EDIT2: This question is put on hold because "answers to this question will tend to be almost entirely based on opinions, rather than facts, references, or specific expertise". I think is unjustified. I am asking about the mental process of composers while they compose (referring to the most famous composers in order to assume their proficiency). Literature on this topic does not exist, apparently, but it could, either through the huge amount of letters that composer wrote during their lifetime, or through personal experience of living composers. I think is important to know whether this literature exists or not. If every composer uses a different composition style, then it would be good to know. From the answers, it seems that there is no consent about that. Some people believe that of course they are totally aware of the harmony, someone else says that they may be, maybe no. Some of this answers are unjustified and based on personal opinion. However, is totally possible to obtain an answer that is indeed based on facts: e.g. a big literature review on the letters of the great composers (or the first-hand experience of the less famous one), showing that things go mostly on one side or the other. Someone was writing a big answer on this. Why prevent potential factual answers?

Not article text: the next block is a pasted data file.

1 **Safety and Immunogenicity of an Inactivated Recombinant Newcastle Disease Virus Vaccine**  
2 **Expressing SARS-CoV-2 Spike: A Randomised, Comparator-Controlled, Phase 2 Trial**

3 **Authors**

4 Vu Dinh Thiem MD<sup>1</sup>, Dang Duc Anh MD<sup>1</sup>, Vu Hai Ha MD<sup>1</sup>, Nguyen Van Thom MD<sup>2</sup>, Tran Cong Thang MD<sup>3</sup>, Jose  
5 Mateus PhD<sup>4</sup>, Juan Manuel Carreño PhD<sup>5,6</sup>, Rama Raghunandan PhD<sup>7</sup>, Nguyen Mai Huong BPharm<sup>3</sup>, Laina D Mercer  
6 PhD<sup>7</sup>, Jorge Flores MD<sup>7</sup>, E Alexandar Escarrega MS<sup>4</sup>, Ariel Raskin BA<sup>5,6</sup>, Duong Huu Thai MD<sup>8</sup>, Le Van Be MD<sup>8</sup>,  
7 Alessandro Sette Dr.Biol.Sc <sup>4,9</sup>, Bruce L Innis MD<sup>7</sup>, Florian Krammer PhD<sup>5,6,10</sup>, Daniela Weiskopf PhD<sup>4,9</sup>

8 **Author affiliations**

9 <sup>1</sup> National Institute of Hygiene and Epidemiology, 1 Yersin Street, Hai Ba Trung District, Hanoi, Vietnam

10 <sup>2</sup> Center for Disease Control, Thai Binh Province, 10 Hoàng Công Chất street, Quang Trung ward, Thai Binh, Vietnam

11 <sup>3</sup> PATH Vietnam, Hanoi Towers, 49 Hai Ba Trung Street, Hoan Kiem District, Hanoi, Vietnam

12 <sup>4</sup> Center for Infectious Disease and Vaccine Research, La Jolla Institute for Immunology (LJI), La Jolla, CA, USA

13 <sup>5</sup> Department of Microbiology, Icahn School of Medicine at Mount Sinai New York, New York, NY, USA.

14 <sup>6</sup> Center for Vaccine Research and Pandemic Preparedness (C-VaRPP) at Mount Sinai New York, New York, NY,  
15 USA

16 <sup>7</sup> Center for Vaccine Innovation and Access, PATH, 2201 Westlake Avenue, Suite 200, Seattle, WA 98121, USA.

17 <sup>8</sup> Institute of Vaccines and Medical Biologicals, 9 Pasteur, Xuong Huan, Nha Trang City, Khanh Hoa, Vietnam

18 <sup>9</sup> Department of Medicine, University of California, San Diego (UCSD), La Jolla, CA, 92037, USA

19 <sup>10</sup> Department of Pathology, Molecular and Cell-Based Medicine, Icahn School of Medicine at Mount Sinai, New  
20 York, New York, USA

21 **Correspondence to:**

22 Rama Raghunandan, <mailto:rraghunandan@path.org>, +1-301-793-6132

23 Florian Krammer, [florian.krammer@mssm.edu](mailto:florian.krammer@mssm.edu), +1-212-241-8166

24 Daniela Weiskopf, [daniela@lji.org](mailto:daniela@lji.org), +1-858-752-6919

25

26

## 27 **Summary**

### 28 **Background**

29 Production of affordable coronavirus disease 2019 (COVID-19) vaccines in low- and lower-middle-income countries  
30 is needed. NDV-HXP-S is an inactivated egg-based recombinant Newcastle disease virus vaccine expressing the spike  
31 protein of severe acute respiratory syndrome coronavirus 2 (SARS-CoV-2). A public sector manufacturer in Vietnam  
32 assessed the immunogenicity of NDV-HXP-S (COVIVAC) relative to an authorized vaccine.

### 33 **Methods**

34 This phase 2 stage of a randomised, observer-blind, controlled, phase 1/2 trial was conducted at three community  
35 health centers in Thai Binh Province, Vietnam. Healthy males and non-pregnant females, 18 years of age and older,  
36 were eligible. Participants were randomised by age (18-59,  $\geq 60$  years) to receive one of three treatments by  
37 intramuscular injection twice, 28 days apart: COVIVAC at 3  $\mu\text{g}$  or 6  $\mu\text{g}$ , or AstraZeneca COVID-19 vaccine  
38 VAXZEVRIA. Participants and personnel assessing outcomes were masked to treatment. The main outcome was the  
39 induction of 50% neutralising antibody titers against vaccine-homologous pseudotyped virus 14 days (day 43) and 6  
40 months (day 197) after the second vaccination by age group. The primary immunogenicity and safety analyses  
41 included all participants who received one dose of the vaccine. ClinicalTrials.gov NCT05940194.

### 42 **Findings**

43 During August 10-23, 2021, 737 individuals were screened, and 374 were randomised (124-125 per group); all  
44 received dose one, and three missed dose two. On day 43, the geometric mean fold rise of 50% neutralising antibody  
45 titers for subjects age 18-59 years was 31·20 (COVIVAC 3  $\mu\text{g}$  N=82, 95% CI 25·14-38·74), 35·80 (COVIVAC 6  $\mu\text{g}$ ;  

In order to avoid opinion based answer I would thus specify: If you answer, please specify if what you say is based on your personal experience as a composer or on some other documents.

closed as primarily opinion-based by guidot, Tim, Richard, ttw, Todd Wilcox Apr 8 '17 at 6:23

Many good questions generate some degree of opinion based on expert experience, but answers to this question will tend to be almost entirely based on opinions, rather than facts, references, or specific expertise. If this question can be reworded to fit the rules in the help center, please edit the question.

  • Comments are not for extended discussion; this conversation has been [moved to chat] where it can hopefully be resolved. (chat.stackexchange.com/rooms/56850/…). – Doktor Mayhem Apr 10 '17 at 7:36
  • Vaaal, the reason this is on hold is because it is very much opinion based, and this view is supported by all the comments and discussion, which I have moved into chat. – Doktor Mayhem Apr 10 '17 at 7:43